Australia markets open in 5 hours 40 minutes

    +37.90 (+0.48%)

    -0.0017 (-0.26%)
  • ASX 200

    +36.50 (+0.48%)
  • OIL

    +0.06 (+0.07%)
  • GOLD

    +8.30 (+0.35%)
  • Bitcoin AUD

    +1,724.66 (+1.80%)
  • CMC Crypto 200

    0.00 (0.00%)

Centrelink recipients to cop budget blow: ‘Can’t fund everything’

An independent advisory committee has called on JobSeeker payments to be lifted.

A composite image of Treasurer Jim Chalmers and a Centrelink sign on the exterior of a building.
Treasurer Jim Chalmers is expected to turn down a recommendation to raise Centrelink JobSeeker payments. (Source: AAP / Getty)

Centrelink recipients who were hoping to see a boost to the JobSeeker payment in next month's federal budget are expected to be let down, despite growing cost-of-living pressures.

The Interim Economic Inclusion Advisory Committee (IEIAC) suggested raising the JobSeeker payment in the budget from around $50 a day to around $68 a day, but Federal Treasurer Jim Chalmers is expected to turn down the recommendation.

Raising the JobSeeker payment to $68 a day would cost the government around $24 billion over four years.


The Australian Council of Social Service (ACOSS) said it welcomed the IEIAC report and encouraged the government to raise the JobSeeker rate as a first priority.

“With 3 million people living in poverty in Australia, there is no time for delay,” ACOSS CEO Cassandra Goldie said.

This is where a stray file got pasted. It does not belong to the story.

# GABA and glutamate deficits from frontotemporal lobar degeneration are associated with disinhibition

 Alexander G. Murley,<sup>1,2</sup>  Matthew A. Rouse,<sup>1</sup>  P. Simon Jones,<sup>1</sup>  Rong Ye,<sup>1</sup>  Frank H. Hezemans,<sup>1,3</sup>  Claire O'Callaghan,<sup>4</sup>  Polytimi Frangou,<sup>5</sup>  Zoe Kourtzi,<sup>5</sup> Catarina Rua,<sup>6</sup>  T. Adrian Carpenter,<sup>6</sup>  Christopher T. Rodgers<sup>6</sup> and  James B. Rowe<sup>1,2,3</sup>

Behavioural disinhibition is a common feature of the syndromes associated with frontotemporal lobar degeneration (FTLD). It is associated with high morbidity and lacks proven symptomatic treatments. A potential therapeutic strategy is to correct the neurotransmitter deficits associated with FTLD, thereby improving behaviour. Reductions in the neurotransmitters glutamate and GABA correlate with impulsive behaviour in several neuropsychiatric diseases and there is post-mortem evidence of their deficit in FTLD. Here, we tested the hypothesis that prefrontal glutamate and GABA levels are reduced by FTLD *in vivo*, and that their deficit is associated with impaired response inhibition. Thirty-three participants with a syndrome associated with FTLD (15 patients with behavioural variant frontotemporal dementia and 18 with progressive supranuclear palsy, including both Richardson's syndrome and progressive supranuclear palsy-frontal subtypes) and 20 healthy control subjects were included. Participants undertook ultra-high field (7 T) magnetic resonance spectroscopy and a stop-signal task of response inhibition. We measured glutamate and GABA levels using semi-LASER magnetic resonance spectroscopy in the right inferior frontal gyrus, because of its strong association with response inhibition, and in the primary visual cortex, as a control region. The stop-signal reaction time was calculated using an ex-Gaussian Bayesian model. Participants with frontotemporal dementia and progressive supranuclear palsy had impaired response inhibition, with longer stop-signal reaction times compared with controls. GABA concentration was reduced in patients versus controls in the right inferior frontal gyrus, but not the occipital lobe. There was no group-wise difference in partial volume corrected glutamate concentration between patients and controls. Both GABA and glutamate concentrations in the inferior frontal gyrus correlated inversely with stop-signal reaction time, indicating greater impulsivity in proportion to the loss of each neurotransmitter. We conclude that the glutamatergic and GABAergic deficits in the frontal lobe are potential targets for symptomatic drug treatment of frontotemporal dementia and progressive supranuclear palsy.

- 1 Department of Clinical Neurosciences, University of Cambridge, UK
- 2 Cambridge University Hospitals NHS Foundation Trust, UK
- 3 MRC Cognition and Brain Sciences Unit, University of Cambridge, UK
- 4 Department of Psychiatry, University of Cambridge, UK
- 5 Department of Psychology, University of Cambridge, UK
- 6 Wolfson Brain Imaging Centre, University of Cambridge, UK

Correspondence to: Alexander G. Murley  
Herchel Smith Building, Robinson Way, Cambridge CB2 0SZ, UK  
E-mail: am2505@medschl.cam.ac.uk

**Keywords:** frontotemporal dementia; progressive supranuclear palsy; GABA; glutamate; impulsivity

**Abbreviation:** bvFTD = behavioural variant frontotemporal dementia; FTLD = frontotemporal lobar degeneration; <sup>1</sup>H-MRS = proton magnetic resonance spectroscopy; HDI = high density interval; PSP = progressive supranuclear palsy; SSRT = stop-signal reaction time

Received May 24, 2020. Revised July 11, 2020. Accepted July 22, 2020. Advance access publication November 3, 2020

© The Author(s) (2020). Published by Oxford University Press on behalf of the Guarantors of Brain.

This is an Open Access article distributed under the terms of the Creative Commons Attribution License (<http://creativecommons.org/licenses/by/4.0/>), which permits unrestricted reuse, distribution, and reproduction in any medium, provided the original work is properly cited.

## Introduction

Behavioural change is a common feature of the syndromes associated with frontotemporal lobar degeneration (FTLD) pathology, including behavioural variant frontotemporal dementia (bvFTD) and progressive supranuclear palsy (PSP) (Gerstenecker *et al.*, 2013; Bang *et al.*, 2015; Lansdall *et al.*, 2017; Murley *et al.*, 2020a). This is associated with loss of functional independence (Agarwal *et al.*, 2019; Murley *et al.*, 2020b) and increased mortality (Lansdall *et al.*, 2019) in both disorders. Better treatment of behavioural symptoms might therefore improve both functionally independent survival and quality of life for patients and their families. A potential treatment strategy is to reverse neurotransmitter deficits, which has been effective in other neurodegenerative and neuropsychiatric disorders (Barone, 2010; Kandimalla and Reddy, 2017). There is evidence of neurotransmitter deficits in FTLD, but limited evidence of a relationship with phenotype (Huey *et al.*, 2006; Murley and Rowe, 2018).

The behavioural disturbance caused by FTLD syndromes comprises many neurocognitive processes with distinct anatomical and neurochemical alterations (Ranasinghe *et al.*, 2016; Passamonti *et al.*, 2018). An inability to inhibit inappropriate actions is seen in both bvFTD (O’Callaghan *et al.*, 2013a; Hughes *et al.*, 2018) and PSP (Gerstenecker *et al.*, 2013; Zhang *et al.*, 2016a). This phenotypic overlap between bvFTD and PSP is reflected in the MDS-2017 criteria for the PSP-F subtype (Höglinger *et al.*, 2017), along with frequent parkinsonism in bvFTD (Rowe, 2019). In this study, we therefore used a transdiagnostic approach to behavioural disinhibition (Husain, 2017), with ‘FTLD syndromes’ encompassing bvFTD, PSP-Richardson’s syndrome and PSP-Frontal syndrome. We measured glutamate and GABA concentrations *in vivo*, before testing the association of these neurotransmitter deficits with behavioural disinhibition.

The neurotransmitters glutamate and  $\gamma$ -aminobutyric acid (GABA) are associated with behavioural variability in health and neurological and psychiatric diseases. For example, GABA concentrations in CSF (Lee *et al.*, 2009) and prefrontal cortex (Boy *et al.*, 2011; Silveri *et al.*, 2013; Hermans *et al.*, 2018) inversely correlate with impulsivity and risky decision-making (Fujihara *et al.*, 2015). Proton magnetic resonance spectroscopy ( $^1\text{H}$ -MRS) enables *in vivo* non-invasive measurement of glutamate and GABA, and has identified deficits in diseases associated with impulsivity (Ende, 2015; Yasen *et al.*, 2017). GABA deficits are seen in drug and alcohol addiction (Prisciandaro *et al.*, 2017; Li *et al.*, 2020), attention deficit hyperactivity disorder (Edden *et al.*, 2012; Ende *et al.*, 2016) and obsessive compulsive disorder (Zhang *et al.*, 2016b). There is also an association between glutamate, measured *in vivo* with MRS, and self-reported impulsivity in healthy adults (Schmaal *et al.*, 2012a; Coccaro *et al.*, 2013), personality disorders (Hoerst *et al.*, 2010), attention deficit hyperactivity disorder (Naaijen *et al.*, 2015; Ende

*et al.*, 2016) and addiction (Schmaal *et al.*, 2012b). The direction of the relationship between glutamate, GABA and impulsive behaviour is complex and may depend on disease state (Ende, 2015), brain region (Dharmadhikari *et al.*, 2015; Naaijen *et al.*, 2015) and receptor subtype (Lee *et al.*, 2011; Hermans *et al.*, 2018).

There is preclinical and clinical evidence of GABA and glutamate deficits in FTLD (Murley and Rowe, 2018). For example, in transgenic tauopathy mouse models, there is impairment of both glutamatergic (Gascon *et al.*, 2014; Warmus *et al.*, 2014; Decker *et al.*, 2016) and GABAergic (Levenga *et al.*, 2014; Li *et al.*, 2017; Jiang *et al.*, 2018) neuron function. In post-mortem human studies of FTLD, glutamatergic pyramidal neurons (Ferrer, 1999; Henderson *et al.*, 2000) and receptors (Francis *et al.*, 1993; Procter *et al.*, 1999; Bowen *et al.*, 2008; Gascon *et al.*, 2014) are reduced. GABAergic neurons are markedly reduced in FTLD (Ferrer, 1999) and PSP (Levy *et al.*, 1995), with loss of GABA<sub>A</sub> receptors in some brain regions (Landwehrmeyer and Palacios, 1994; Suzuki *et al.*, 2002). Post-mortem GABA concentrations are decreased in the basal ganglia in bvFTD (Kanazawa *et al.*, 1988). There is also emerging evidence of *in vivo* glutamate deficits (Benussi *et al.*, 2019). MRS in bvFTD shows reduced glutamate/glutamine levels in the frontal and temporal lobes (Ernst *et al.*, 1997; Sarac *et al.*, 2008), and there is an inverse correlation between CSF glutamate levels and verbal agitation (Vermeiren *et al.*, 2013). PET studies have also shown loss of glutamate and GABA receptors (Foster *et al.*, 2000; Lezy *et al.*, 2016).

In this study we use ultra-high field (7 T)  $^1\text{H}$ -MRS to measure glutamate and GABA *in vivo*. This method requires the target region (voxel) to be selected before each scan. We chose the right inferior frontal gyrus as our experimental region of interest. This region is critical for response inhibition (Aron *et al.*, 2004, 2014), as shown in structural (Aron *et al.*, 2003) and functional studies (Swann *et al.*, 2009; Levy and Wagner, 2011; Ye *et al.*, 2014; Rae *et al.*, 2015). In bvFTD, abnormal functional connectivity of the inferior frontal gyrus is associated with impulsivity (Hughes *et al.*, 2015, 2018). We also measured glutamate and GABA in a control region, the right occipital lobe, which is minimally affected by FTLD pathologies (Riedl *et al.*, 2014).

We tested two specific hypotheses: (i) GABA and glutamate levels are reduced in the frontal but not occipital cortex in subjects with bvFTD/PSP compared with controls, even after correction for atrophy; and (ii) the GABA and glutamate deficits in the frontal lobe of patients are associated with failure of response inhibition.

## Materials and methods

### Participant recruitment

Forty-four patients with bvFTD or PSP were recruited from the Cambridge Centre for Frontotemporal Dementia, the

“The clear message from the [IEIAC] is that JobSeeker and related payments are grossly inadequate. They entrench people in poverty and create a barrier to paid work for people looking for a job.

“The Committee heard directly from people receiving these payments, including many who are routinely skipping meals, and forgoing essential medication and health care just to keep a roof over their head or pay their energy bill.

“In this budget the treasurer has the chance to reduce poverty and suffering in this country. He must act now.”

‘We can’t fund everything’

Chalmers has repeatedly said the upcoming budget will focus on belt-tightening as the government attempts to get skyrocketing debt under control.

“While we can’t fund every good idea, there will be measures in the May budget to address disadvantage,” Chalmers and Social Services Minister Amanda Rishworth said in a statement on the advisory committee’s report.

They said the government would always look to support those most in need, where it was responsible and affordable to do so.

Follow Yahoo Finance on Facebook, LinkedIn, Instagram and Twitter, and subscribe to our free daily newsletter.